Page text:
I first heard about quark while watching an episode of Chopped where it was one of four mystery ingredients the contestants would have to use in a challenge. The name alone intrigued me, but I became even more curious as I watched them cook with it. It looked creamy and dense, like yogurt with more heft to it, and they were using it in a variety of sweet and savory ways that made me desperately want to try it for myself. Sadly, this was a few years before Greek yogurt alternatives, like the Icelandic skyr, really started to take off so I didn't have much luck tracking it down. But then I moved to Germany, which is where the food comes from, and I haven't been able to get enough since.
Though it tastes like yogurt, quark is actually fresh cheese, Joey Wells, global senior coordinator of specialty cheese at Whole Foods Market, tells SELF. "The texture is just slightly denser and the flavor is a little more creamy while keeping the rich tartness of the similar products," he explains. To make any kind of yogurt (Greek yogurt included), all you have to do is heat milk until it's slightly curdled, then, after the mixture has had time to cool, add yogurt starter (which you can usually find at the store or online, like this one. You can find out all about the process here. But to make quark, he says, although you do have to heat milk until it curdles, you don't have to add anything else—all you have to do is stir the curd until it achieves a creamy texture, then strain it when it's finished cooking to remove excess liquid and create a firmer final product.
Quark and Greek yogurt are similar in flavor and nutritional profile—it's high in protein and fats and low in carbs. Wells says that some might prefer quark because it can have a lower caloric content than similar products, but that people generally choose it because they like the flavor and texture. "For most, the preference relates to the product they are replacing with the quark," he explains, "for example, using quark instead of cream cheese because it gives the flavor and texture of cheese, but a tangier flavor profile, or using it instead of sour cream because it's thicker and creamier."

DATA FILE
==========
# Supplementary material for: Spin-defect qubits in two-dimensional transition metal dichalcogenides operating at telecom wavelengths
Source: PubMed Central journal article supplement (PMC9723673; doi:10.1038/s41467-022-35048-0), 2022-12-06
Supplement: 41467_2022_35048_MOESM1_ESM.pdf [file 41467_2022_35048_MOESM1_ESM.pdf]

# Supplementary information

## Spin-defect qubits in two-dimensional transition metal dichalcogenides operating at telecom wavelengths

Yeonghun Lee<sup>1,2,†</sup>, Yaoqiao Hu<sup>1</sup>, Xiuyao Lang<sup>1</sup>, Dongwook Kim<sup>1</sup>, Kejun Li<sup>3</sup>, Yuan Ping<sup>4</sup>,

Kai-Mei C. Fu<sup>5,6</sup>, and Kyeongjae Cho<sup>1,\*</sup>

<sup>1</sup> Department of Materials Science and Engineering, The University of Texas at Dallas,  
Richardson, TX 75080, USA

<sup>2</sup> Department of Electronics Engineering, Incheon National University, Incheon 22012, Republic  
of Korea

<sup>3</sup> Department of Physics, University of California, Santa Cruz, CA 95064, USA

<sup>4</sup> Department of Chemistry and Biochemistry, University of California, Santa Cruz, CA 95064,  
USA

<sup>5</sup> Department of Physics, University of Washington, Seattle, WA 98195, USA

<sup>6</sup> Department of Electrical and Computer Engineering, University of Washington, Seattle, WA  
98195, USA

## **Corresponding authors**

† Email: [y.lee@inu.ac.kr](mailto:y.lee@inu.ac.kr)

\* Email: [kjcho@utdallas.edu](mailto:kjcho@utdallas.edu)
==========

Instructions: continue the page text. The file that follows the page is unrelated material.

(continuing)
Wells says that quark is indigenous to German-speaking, Eastern European countries, but nowadays you can buy it all around the world, including in America. Look for Elli Quark at health food stores like Whole Foods Market, or use the brand's product locator to help you track it down at a supermarket near you. If you manage to get your hands on it, find out how to use quark below.
It'll make all of your smoothies super velvety.
If you're not a fan of watery smoothies, quark will ensure that you never make one again. It's so thick and creamy, adding even just one tablespoon to your smoothie will give it a texture more like pudding. It's even better for smoothie bowls, because that thick texture will help you keep your fancy toppings afloat, unlike in a thin smoothie where they're more likely to sink to the bottom.
With just a few toppings, it makes a great, high-protein snack.
When I'm in a rush and I need to eat something that I know will keep me full, I scoop a few spoonfuls of quark into a bowl, top it with nuts, or honey, or fruit, or all of the above and dig in. It's extremely satisfying because it packs a powerful punch of both protein and fats, not just because of the toppings but because of the quark itself. And because it has a relatively tame flavor, it's a great canvas for all kinds of ingredients. You could even turn it into a savory snack by topping it with salty, toasted pumpkin seeds or chopped vegetables.
Use it as a base for tart, creamy salad dressings.
You can easily swap quark into any salad dressing recipes that call for sour cream or Greek yogurt. I like to combine it with garlic, white wine vinegar, and any spices I have around for a sauce that's quick and luxurious, which is what I did for the salad featured above. As long as you're adding some kind of acid to loosen up the quark, whether that's vinegar or citrus juice, you'll be able to make something fabulous in no time.
Stir it into a pasta sauce in place of sour or heavy cream.
For the dreamiest pasta you've ever eaten, add a dollop of quark! It adds a nice tang to heavy mac and cheeses, and it makes things like Alfredo sauce creamier than you could have ever imagined.
Or mix it with a bit of honey to use as a topping for baked fruit or other desserts.
This is one of my favorite quark tricks: I like to combine the ingredient with a bit of honey to give it just a touch of sweetness, then I serve it over raw or baked fruit, or even over pastries. Because it's more tart than sweet, it keeps desserts decadent, but not overwhelming.
Now that you know how to use quark, add it to your cart the next time you run into it at the supermarket. Whatever you're cooking, whether it's breakfast, lunch, dinner, or dessert, the ingredient will surely be a great addition.